* Do not leave pets in parked cars and don't let your dog ride in the bed of your truck.
* Prevent swimming or drinking access to standing water.
|Posted by [email protected] on June 22, 2013 at 2:35 PM|
Flea season never really ended this year because of our relatively mild winter. The best approach to flea control is to completely eradicate them from your pets' environment.
Fleas mount your dog or cat and take a blood meal. If you see black specks in your pet's coat this is flea feces (yuck!) which is primarily dried blood.
Female fleas will then begin to lay 20 to 50 eggs per day, so it easy to see why a small flea population quickly becomes a major infestation. The eggs develop into larvae and then adults over the next few weeks and begin the process all over again.
The following are keys to eradicating fleas:
1. Control the fleas on you cats and dogs. There is no difference between the dog and cat flea, so if you see fleas on your dog, then your cat has fleas even if you can't find them. So you need effective control on all pets.
There are a number of options for controlling fleas on pets and during your office visits we will tailor the best approach for your pets.
2. Control flea eggs and larvae in the environment. We recommend you use a commercial service to treat your pets' environment for flea eggs and larvae. Available products inhibit development of flea eggs and larvae, breaking the flea cycle.
If done well, flea eradication can be done in a closed environment over a one to four month period. So let us know if you need help making and implementing a plan to make your home and pets flea free!
|Posted by A[email protected] on November 16, 2011 at 7:50 AM|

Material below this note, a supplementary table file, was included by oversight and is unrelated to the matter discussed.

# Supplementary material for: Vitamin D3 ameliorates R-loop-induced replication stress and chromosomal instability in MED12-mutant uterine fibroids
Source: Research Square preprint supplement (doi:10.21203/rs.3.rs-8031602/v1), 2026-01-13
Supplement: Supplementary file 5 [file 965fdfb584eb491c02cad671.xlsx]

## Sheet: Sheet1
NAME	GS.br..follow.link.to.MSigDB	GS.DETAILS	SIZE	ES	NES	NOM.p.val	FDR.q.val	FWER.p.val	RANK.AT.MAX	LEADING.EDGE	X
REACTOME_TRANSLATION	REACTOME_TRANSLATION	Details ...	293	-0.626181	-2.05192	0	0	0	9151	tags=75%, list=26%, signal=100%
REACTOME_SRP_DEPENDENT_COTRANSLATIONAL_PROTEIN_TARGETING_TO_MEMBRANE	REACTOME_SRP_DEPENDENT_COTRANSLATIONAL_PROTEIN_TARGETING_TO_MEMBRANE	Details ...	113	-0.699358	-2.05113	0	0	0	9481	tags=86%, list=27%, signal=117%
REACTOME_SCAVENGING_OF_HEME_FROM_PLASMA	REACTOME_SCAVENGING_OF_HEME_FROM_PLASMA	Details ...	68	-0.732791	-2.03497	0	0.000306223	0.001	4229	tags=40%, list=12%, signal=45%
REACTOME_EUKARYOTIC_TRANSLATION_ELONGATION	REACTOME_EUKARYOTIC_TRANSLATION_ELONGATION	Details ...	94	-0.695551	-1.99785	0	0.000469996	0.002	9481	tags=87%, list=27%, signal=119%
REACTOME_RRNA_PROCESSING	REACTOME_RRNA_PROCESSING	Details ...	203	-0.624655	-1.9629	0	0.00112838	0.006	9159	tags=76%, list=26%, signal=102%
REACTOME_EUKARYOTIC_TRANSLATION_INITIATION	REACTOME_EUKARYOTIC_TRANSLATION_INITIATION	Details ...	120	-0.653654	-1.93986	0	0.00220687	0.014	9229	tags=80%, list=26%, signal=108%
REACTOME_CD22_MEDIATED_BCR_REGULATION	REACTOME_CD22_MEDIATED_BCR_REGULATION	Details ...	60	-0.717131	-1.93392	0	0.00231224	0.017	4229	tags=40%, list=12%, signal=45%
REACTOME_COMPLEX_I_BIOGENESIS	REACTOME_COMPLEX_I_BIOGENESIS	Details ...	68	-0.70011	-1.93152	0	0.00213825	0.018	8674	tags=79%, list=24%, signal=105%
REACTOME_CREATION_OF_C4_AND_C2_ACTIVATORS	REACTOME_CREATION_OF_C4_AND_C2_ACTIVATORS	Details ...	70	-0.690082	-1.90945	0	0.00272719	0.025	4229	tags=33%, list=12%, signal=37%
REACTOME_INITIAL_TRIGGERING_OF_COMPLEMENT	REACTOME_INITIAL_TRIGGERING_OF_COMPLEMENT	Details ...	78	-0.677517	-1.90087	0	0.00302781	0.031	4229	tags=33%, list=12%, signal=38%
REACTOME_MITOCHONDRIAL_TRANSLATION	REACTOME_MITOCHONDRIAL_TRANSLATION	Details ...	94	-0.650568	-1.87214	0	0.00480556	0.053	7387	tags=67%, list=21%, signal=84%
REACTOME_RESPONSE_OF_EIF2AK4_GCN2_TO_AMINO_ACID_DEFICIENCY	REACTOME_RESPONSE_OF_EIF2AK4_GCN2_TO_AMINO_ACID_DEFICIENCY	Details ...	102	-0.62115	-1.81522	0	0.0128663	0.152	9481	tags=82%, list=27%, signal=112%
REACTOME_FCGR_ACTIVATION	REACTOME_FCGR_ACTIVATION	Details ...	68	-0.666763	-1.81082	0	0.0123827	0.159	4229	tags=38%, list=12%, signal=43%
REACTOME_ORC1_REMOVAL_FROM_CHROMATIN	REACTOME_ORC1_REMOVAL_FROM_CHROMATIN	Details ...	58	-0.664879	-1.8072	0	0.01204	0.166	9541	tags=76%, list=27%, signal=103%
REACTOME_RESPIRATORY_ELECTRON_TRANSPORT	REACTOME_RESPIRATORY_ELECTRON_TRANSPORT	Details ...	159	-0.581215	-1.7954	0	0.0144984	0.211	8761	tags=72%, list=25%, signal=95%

How many ways can a curious cat or a rambunctious pup get into trouble during the holidays?
Share these simple rules with your family to avoid an emergency trip to the veterinary clinic this holiday season.
People Food. Don't share human food with your pet. Pets often get gastrointestinal upset when their diet changes. Little snacks of turkey, cranberry sauce and baked goods have a bigger effect on pets than on humans. During the holidays, try to keep your pet's diet the same as the rest of the year.
Plants. -Poinsettias, holly, amaryllis, mistletoe, and pine needles are toxic to pets.
-Christmas Trees are a big source of injury and illness for pets.
*Don't let pets drink from the tree water bowl. Use low-toxicity preservatives in the tree water or make your own using citric acid and sugar.
*Tinsel causes intestinal blockages in pets. Cats and dogs eat it readily so keep it out of reach or don't use it all.
Cold and flu medications. If you get the sniffles this holiday season, make sure you don't leave your medications on the counter. Cats and dogs are often attracted to the bottles and can become very sick from human medications.
Batteries cause ulcerations on mouths and tongues and serious gastrointestinal damage. Keep these snack sized objects out of the reach of pets.
Antifreeze. It's easy to lose track of your pet when family and friends are over. Make sure your pet does not have access to toxins, such as antifreeze, when your attention is on the holidays. Less toxic anti-freeze, made with propylene glycol or methyl alcohol, are available. These may still cause gastrointestinal upset, however, so clean up all spills immediately.
Dress up. Young children often tie ribbons, bows and strings around pets. These can present strangling hazards if the pet gets hung up on furniture or a fence and when ingested often cause intestinal blockages. Commercially made holiday collars are a safer alternative.